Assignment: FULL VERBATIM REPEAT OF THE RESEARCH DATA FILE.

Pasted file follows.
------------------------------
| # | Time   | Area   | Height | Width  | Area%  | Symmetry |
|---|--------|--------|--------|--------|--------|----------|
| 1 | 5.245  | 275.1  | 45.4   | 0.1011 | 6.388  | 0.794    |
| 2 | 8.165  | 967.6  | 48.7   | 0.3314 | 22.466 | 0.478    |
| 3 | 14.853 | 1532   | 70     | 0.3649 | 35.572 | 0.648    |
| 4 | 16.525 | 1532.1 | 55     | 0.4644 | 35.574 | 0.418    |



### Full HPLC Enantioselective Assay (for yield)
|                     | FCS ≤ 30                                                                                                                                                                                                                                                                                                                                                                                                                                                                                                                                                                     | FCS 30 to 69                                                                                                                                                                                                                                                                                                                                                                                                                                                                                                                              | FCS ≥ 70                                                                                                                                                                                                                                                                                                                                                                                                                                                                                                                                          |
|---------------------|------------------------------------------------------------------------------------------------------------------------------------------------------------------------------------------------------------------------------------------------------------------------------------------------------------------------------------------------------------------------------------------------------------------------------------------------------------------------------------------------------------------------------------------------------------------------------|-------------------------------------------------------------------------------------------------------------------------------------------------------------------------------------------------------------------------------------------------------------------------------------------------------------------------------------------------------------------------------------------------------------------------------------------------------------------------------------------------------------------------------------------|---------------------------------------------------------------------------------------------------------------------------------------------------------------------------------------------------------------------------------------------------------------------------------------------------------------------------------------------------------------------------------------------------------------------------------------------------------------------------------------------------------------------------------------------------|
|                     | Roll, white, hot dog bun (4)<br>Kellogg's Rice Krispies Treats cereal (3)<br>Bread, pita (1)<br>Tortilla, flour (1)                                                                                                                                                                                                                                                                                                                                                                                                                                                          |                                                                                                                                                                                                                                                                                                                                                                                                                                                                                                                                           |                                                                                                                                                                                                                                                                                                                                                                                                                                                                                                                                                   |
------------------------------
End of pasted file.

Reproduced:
| # | Time   | Area   | Height | Width  | Area%  | Symmetry |
|---|--------|--------|--------|--------|--------|----------|
| 1 | 5.245  | 275.1  | 45.4   | 0.1011 | 6.388  | 0.794    |
| 2 | 8.165  | 967.6  | 48.7   | 0.3314 | 22.466 | 0.478    |
| 3 | 14.853 | 1532   | 70     | 0.3649 | 35.572 | 0.648    |
| 4 | 16.525 | 1532.1 | 55     | 0.4644 | 35.574 | 0.418    |



### Full HPLC Enantioselective Assay (for yield)
|                     | FCS ≤ 30                                                                                                                                                                                                                                                                                                                                                                                                                                                                                                                                                                     | FCS 30 to 69                                                                                                                                                                                                                                                                                                                                                                                                                                                                                                                              | FCS ≥ 70                                                                                                                                                                                                                                                                                                                                                                                                                                                                                                                                          |
|---------------------|------------------------------------------------------------------------------------------------------------------------------------------------------------------------------------------------------------------------------------------------------------------------------------------------------------------------------------------------------------------------------------------------------------------------------------------------------------------------------------------------------------------------------------------------------------------------------|-------------------------------------------------------------------------------------------------------------------------------------------------------------------------------------------------------------------------------------------------------------------------------------------------------------------------------------------------------------------------------------------------------------------------------------------------------------------------------------------------------------------------------------------|---------------------------------------------------------------------------------------------------------------------------------------------------------------------------------------------------------------------------------------------------------------------------------------------------------------------------------------------------------------------------------------------------------------------------------------------------------------------------------------------------------------------------------------------------|
|                     | Roll, white, hot dog bun (4)<br>Kellogg's Rice Krispies Treats cereal (3)<br>Bread, pita (1)<br>Tortilla, flour (1)                                                                                                                                                                                                                                                                                                                                                                                                                                                          |                                                                                                                                                                                                                                                                                                                                                                                                                                                                                                                                           |                                                                                                                                                                                                                                                                                                                                                                                                                                                                                                                                                   |